Short stories are part of the creative impulse to rethink the dynamics of the Latin American reality. During the ‘Second Dose’ of the 42nd International Festival of New Latin American Cinema in Havana this December, short fiction films came out as one of the most interesting categories in the competition.
This edition of the film festival brings together a total of 21 films produced between 2019 and 2020. A dozen countries in Latin America and elsewhere were involved in its production. In this section, Cuba had an outstanding presence for having made, totally or partially, 7 of the films.
Within the national team is Las Polacas (The Polish women) (25 minutes). Written and directed by Cuban filmmaker Carlos Barba, it arises from the co-production of the American Mareafilms and the Cuban Institute of Cinematographic Art and Industry (ICAIC). The leading roles were played by the acting talents of Coralia Veloz and Tahimí Alvariño. The author of 25 hours —presented in this same festival in 2017— brings us, on this occasion, the intimate conflicts that are hidden in the past of a mother and her daughter.
Also among the proposals is a co-production entitled Ekaterina (Spain and Cuba), by Spanish director Miguel G. Morales, a graduate of the San Antonio de los Baños International School of Film and Television, Cuba.
Nara, under the direction of Rosa María Rodríguez Pupo, is evidence of the growing insertion of Cuban women in the world of cinema. The director’s concentration on the character of Nara serves as a reflection on the awakening of sexual desire in women.
For their part, the shorts El rodeo, by Carlos Melián Moreno, premiered at the Rotterdam Film Festival; Blue Hour, by Horizoe García Miranda; Last song for Mayaan, by Lisandra López Fabé, and Hapi Berdey Yusimi in Yur Dey, by Ana A. Alpízar, reflect everyday themes, such as: folklore, old age, prostitution, material deprivation and desolation.
The fiction shorts in competition also come from other parts of the continent. Such is the case of El silencio del río, by Francesca Canepa, the only one from Peru, which set a precedent in the history of cinema in that country. It turns out to be the first Peruvian short shortlisted at the Academy Awards (2021). Likewise, multi-awarded as best fiction short film, where the Grand Jury Prize for Best Narrative Short Film stands out at the Calgary International Film Festival (CIFF), the film focuses on the gaze of a 9-year-old boy who finds himself in the Peruvian jungle.
Brazil is also present with a couple of shorts. The first is A Barca, by the Brazilian director and poet Milton Resende. Another story set in the natural settings of South America, which was included in the IV Incentive Award for Audiovisual Production of Alagoas. And also Menarca, directed by Marilia Halla, selected by the Critics’ Week at the Cannes Film Festival. The work constitutes a reinterpretation of the myth of the toothed vagina, putting on the table the dissimilar sexist prejudices that affect women in the region.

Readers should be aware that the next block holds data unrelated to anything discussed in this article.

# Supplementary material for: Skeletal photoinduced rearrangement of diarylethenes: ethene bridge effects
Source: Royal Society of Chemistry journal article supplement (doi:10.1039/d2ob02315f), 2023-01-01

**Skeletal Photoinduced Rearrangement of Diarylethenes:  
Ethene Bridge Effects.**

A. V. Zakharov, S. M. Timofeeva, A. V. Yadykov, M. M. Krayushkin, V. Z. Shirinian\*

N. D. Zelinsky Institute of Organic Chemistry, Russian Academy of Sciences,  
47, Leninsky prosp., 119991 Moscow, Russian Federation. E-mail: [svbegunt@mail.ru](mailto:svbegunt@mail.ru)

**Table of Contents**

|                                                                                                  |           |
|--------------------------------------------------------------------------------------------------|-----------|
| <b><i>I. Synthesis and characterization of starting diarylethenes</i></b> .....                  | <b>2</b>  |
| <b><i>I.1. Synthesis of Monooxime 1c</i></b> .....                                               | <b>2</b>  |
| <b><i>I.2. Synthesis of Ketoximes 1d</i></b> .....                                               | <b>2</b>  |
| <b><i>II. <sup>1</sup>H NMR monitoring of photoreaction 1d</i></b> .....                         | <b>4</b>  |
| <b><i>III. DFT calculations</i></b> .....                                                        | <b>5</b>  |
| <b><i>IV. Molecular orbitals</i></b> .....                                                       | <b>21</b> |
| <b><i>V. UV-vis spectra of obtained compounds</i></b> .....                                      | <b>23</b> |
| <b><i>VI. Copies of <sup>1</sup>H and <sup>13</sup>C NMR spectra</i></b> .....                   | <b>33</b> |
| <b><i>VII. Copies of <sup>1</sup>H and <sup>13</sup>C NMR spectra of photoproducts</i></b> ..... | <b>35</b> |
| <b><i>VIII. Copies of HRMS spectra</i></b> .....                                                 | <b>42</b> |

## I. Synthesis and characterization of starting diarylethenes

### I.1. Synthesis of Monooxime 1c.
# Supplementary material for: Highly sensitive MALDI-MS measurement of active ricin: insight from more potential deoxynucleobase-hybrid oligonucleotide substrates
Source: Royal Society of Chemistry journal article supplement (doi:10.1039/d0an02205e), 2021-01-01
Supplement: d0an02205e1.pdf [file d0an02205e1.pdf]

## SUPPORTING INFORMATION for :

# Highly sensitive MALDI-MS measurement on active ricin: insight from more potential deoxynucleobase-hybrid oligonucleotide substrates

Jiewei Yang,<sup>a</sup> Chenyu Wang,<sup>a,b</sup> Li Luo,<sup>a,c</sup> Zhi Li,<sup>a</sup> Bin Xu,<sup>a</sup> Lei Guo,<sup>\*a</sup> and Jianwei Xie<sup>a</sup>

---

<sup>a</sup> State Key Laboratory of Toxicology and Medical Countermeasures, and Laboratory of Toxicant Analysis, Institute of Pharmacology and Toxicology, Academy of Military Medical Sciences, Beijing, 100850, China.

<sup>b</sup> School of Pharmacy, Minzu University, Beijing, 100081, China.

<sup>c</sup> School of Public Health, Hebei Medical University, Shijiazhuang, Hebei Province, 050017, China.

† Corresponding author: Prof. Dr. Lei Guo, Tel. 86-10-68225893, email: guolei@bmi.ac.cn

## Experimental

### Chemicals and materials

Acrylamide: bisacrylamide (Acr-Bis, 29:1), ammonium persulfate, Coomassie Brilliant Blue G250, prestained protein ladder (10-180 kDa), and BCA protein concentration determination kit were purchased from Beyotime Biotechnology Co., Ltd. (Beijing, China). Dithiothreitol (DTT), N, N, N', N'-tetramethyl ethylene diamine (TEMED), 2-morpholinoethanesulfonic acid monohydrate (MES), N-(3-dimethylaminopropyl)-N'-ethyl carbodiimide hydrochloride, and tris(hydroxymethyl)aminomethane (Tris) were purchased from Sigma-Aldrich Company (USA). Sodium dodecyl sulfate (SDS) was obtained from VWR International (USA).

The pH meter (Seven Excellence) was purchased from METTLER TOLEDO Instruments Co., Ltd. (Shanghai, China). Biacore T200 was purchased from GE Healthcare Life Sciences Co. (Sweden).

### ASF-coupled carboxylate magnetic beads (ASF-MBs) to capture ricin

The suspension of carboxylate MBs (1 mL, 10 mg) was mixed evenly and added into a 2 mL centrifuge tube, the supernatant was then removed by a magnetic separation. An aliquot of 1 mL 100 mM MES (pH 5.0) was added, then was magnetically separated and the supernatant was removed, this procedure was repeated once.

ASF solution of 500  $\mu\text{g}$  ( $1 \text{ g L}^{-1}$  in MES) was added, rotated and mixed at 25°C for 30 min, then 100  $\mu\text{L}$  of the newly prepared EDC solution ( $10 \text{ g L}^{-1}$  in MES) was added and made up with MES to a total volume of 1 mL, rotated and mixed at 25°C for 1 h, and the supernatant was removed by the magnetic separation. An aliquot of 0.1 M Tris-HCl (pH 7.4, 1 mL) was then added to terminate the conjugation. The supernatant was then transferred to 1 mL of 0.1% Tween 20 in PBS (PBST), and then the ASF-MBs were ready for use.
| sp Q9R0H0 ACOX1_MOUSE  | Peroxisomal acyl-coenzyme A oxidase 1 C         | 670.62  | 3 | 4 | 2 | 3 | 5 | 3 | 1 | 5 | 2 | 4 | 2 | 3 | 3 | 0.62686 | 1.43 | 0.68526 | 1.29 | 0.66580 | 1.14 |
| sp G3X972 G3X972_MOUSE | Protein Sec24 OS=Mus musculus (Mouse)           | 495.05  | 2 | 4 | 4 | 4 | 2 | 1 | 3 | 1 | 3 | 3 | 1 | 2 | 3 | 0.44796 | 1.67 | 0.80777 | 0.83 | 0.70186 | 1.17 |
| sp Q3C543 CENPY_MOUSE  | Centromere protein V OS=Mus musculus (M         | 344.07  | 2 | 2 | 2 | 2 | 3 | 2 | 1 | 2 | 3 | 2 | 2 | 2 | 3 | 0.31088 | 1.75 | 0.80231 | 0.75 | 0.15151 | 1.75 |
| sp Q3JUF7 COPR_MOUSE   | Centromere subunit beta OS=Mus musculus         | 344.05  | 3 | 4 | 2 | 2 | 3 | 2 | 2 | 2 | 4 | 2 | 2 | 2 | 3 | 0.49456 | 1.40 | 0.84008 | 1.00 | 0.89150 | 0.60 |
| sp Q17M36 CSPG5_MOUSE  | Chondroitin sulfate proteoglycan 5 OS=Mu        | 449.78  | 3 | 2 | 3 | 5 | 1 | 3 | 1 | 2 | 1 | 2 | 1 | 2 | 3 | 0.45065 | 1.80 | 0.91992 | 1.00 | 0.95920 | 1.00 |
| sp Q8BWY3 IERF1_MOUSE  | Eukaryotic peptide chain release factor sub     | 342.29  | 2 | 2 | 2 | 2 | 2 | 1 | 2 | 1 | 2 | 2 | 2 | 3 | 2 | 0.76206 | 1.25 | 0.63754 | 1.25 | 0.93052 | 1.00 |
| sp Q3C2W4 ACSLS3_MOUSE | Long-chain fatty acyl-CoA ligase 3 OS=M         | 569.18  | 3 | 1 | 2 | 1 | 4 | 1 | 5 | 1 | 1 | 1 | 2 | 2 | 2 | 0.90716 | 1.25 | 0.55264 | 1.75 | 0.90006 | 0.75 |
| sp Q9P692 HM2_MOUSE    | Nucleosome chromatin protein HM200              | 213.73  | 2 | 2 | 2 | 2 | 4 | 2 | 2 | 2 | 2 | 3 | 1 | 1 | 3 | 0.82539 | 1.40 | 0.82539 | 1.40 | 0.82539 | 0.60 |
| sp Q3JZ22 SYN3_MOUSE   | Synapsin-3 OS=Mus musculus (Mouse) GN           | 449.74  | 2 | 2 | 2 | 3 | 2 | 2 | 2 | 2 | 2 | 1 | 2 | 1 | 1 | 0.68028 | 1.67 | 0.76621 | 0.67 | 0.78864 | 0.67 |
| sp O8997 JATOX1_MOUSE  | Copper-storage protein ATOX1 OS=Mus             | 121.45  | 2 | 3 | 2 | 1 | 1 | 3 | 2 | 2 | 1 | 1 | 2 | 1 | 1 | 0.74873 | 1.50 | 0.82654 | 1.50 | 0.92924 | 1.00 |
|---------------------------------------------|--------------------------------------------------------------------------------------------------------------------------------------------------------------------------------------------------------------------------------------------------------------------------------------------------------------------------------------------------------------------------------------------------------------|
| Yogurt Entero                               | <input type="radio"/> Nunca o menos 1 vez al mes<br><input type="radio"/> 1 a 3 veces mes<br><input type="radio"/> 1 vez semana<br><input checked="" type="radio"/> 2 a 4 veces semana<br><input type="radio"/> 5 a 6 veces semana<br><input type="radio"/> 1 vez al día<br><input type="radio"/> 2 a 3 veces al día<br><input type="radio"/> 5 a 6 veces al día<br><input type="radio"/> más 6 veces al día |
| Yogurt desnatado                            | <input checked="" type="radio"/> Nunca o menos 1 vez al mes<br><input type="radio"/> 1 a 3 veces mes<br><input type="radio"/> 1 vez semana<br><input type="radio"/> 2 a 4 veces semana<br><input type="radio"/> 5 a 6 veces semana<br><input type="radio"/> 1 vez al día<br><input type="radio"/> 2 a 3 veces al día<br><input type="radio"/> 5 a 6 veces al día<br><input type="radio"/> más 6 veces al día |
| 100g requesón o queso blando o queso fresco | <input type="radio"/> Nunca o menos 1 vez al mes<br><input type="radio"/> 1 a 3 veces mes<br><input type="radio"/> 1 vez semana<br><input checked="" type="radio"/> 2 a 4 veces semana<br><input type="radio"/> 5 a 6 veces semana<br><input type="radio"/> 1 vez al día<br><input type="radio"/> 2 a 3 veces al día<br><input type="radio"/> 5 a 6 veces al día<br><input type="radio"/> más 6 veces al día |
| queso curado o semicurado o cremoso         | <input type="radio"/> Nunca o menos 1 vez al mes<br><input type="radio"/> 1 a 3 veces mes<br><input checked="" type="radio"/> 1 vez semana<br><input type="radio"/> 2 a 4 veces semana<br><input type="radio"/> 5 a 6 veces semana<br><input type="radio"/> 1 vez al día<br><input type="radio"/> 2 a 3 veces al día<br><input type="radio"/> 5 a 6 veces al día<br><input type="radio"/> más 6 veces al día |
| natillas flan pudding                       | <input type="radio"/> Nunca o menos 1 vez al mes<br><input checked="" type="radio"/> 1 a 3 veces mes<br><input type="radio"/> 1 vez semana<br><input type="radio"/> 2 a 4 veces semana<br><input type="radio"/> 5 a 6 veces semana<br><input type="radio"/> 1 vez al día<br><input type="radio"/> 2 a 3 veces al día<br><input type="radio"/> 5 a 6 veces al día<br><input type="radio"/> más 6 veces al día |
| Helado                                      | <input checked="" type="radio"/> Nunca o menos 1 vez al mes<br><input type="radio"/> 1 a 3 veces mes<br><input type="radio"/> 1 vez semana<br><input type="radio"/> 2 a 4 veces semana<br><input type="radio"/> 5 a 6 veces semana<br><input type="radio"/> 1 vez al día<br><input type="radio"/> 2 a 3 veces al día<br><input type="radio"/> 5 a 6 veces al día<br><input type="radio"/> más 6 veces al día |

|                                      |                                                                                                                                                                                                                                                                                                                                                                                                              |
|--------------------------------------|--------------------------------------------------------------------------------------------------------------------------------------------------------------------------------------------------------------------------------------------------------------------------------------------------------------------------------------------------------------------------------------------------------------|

Similarly, tMexico appears with two co-productions. On the one hand, there is El triste (Mexico, United States), by Manuel del Valle. This young man is considered one of the ambassadors of Latin culture in the entertainment world, counting among his awards the Shorts Mexico and the Bentonville Film Festival. Meanwhile, the 11 minutes of Huir, by Daniel Delgadillo Hernández, were part of the 18th Edition of the Morelia International Film Festival.
Chile is another of the countries that has a good number of films in this section of the contest. From Sebastián S. Claro is the film In the sky you let me fall, whose international premiere was at the 36th Guadalajara Film Festival and on Chilean soil, at the 16th Santiago International Film Festival.
The shortest short in this show also comes from Chile, with only 7 minutes, and is titled The Hidden Light. The first audiovisual experience of its director, Diego Martínez Ruiz, arises as a product of the Realization Workshop developed at the Punta Arenas Cultural Center that took place in 2019.
In addition to the above are The Rings of the Serpent, by Edison Cájas González, and La gambeta, directed by Catalina Alarcón Reyes, which had its premiere in November this year at the Uruguayan Cinematheque. This latest production tells the story of Marcelo, a 12-year-old boy, his imagination and his fascination with football.
Also included are Periferia, by the Ecuadorian Vanessa Fernández, and El mago, by the Dominican Julia Scrive-Loyer.
After having participated in the official selection of the 77th Venice International Film Festival and having been awarded the Horizonte prize, Mariana Saffon from Bogotá comes up with her work by her Entre tú y Milagros (Colombia, United States). This is a story that emerged from the introspection of the author, who puts on the skin of a 15-year-old girl the dilemmas of death and the acceptance of the maternal figure.
To this piece are added 5 bullets (Colombia, Argentina), by Daniela Castillo and Juan Ignacio Alzate Arango. Also Las fauces, by Mauricio Maldonado, who was the author of previous works such as In search of the air and The night shines. The fantastic story of Deivis in Las Mauces participated in the Vancouver Latin American Film Festival and earned him the Best Latin American Short Film Award at the 27th Valdivia International Film Festival.
This is how the fiction short film contest is configured. An exhibition that rediscovers nature and continental idiosyncrasy, with stories of an existentialist tone, endowed with humour, psychological terror and feminism. Undoubtedly, the selection of this 42nd International Festival of New Latin American Cinema brings us great stories that come in small packages.